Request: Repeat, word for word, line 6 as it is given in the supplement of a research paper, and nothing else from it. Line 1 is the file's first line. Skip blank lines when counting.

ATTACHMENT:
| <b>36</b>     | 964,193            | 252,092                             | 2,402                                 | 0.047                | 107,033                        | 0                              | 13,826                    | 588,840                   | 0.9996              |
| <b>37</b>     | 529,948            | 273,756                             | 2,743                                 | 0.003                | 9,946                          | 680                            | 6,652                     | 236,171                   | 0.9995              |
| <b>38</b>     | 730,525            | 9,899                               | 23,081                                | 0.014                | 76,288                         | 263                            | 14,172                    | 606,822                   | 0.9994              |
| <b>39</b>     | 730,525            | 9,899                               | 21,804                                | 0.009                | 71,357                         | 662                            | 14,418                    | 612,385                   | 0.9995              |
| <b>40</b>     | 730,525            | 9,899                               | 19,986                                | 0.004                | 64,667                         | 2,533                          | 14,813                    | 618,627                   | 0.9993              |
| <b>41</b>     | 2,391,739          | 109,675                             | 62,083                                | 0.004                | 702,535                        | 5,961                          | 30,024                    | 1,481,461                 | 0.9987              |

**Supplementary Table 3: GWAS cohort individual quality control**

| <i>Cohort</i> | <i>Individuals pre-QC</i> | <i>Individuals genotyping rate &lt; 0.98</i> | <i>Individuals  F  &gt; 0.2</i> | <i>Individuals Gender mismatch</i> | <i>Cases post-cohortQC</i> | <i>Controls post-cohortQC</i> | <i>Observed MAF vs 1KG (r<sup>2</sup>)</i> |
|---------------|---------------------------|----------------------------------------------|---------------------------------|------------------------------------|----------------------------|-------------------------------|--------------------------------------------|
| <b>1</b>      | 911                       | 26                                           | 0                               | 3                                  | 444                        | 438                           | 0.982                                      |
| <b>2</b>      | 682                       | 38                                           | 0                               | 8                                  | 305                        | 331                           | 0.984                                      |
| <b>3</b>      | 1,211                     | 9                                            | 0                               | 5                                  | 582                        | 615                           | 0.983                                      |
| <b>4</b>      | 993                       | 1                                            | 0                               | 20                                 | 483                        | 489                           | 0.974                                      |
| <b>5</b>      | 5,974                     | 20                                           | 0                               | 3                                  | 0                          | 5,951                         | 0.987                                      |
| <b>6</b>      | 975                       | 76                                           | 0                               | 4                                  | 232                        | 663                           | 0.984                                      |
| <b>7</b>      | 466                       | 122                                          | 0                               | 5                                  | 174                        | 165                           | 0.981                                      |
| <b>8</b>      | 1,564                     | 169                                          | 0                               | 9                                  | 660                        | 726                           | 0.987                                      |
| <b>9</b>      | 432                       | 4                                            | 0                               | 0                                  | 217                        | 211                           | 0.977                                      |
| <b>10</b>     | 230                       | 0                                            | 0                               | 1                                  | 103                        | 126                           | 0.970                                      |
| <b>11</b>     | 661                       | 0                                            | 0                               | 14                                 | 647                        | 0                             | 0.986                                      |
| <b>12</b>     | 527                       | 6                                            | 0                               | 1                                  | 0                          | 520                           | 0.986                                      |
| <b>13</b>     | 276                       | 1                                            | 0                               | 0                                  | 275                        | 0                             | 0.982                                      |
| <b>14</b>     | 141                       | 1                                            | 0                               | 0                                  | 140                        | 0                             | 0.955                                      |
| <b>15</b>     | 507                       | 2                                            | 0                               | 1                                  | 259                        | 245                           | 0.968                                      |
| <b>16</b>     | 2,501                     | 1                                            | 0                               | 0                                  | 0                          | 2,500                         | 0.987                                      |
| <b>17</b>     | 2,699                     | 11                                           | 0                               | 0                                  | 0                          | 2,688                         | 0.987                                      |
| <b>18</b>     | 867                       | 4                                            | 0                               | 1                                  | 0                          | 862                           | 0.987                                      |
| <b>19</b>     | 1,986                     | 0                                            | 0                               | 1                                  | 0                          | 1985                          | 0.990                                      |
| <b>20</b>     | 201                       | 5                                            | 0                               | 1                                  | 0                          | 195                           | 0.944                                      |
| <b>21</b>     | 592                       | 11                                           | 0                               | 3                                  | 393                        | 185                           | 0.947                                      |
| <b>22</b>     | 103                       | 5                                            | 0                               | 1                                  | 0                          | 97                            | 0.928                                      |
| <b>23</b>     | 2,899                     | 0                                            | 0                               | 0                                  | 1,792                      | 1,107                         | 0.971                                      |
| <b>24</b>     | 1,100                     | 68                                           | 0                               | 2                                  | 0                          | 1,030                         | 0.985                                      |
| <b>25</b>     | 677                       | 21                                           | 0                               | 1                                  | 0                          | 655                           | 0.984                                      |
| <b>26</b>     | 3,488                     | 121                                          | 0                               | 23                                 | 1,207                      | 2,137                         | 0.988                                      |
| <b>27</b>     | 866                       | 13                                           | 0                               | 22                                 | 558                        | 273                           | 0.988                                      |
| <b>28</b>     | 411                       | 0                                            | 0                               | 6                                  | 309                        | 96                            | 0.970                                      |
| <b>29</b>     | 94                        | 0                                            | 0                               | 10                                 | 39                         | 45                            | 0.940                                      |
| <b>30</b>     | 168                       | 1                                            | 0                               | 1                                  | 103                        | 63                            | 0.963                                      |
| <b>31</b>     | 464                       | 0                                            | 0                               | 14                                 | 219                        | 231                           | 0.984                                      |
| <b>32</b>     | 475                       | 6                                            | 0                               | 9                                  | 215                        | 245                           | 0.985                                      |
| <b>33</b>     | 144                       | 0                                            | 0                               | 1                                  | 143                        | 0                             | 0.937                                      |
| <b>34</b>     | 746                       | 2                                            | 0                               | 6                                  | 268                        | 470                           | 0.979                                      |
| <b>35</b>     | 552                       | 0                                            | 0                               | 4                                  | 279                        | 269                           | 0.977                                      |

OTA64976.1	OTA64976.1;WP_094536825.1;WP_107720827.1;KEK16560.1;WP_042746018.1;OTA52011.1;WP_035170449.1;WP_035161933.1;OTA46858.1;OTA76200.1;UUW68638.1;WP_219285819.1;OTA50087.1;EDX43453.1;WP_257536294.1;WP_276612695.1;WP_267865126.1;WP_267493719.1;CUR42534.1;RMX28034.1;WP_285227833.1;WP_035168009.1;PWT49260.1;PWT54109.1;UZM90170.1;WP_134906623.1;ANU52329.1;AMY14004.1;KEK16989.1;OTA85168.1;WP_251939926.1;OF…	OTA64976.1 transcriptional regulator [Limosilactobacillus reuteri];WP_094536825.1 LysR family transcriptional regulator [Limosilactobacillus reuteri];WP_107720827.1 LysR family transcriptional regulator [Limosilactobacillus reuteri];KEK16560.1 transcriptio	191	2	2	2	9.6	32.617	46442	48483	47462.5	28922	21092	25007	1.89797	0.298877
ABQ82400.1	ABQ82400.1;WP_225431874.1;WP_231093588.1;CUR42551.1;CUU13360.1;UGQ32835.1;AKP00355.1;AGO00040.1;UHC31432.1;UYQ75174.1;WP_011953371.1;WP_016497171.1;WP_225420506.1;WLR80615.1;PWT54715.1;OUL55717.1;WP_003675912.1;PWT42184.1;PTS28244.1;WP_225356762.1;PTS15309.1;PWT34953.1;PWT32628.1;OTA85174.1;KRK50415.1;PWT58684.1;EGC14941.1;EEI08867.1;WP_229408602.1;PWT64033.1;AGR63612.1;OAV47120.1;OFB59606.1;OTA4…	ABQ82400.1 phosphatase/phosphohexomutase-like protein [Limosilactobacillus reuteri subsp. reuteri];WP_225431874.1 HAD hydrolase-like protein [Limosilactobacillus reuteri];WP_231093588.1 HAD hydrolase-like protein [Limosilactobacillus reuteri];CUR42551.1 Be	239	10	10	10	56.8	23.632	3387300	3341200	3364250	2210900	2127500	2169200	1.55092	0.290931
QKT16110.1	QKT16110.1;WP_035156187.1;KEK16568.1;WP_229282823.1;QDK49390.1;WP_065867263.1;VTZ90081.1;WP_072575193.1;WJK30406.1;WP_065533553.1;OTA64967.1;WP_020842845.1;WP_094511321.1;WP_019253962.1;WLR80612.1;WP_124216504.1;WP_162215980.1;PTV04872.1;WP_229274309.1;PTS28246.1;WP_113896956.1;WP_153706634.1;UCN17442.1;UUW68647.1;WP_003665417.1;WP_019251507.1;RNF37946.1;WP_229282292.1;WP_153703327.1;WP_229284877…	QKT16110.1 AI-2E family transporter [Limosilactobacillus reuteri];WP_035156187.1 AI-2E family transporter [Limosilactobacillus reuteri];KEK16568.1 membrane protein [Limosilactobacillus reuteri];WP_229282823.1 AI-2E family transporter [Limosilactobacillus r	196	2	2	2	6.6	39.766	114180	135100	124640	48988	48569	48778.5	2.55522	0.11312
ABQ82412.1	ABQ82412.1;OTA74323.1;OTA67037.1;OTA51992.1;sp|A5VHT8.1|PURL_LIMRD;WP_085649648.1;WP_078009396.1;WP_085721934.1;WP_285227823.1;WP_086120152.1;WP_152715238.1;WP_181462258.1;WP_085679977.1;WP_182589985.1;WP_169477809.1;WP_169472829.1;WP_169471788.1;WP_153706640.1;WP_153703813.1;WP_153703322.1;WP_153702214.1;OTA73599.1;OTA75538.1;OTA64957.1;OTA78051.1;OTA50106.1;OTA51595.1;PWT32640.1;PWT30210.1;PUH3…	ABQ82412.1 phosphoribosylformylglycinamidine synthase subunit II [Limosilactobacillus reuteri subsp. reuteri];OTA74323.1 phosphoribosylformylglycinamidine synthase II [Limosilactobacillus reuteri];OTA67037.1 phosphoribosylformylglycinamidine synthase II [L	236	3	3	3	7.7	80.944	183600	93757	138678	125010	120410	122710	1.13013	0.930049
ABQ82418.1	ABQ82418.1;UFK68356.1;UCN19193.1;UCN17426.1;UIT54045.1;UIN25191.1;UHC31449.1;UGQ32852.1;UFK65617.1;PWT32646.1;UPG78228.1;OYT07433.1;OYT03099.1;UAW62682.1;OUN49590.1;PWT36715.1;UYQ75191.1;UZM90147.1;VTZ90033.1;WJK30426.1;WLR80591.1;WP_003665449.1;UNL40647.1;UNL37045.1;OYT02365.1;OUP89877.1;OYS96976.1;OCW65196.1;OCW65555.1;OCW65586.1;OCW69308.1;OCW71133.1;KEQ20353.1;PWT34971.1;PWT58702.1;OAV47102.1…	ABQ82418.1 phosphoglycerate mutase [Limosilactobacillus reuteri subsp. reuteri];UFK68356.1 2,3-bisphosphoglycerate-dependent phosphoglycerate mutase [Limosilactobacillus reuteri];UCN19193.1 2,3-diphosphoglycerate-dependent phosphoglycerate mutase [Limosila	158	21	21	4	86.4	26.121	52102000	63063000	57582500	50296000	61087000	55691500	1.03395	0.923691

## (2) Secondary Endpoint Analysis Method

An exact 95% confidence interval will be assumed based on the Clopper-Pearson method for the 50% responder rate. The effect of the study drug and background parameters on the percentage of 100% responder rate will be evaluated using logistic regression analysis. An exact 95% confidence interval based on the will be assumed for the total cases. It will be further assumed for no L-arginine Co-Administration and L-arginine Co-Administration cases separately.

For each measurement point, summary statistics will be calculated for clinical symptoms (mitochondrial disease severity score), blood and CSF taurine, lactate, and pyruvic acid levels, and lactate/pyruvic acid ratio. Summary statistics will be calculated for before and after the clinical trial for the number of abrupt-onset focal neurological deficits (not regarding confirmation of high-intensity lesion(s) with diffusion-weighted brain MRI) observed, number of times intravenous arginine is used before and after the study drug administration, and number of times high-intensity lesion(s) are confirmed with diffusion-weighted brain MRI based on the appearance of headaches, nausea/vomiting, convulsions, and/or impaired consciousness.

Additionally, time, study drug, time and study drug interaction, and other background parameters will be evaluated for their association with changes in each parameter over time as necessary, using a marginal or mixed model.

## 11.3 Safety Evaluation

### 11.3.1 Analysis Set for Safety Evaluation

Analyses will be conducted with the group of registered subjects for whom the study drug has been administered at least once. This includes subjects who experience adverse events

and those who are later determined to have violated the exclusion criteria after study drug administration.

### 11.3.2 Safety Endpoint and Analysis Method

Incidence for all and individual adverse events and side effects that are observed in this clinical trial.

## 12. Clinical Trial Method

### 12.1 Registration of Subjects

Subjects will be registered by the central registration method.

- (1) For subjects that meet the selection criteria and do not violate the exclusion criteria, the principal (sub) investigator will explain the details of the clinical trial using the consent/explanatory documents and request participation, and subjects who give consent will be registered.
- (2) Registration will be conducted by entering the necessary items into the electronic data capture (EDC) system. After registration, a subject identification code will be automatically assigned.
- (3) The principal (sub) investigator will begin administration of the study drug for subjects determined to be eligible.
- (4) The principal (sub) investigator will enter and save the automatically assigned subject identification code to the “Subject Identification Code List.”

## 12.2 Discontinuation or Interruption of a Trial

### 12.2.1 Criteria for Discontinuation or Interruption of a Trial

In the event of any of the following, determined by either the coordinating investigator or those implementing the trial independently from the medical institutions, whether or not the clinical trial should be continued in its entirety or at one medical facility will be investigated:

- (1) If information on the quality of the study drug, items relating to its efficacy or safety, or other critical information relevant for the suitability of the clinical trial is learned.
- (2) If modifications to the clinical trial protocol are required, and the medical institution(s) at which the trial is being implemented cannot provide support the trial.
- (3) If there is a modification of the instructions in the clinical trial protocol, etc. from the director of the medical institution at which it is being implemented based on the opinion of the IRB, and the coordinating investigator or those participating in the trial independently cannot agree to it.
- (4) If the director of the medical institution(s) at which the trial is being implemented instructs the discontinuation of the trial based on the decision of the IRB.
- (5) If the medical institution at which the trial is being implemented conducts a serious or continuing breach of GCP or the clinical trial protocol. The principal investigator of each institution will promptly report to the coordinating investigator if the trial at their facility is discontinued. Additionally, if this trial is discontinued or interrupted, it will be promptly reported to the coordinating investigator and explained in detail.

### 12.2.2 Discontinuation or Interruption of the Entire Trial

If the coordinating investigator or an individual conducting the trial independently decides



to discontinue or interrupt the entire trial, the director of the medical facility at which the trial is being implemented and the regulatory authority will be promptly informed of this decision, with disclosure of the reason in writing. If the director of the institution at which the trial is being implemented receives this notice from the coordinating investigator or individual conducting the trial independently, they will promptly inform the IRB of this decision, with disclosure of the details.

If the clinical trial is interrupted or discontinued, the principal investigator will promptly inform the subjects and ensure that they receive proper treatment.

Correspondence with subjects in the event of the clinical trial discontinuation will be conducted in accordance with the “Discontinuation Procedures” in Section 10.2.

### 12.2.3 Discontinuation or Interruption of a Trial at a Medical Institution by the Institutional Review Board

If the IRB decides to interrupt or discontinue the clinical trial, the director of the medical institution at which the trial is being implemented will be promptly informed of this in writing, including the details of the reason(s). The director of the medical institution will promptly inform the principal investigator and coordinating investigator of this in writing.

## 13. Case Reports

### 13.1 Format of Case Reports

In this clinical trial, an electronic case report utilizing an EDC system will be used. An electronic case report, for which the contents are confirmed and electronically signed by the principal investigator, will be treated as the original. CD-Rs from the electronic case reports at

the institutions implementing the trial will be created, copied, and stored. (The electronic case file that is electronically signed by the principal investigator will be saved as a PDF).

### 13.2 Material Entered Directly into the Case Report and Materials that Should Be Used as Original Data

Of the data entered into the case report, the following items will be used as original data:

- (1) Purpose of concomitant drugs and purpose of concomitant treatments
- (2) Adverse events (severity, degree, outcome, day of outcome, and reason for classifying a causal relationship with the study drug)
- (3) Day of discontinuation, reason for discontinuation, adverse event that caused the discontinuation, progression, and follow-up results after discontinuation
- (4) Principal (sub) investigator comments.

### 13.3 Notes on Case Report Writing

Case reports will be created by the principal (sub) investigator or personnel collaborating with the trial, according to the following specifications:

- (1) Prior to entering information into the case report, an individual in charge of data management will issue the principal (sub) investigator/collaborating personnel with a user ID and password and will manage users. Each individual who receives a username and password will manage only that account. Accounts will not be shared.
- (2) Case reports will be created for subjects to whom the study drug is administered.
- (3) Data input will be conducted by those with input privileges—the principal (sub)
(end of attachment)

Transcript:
| <b>41</b>     | 2,391,739          | 109,675                             | 62,083                                | 0.004                | 702,535                        | 5,961                          | 30,024                    | 1,481,461                 | 0.9987              |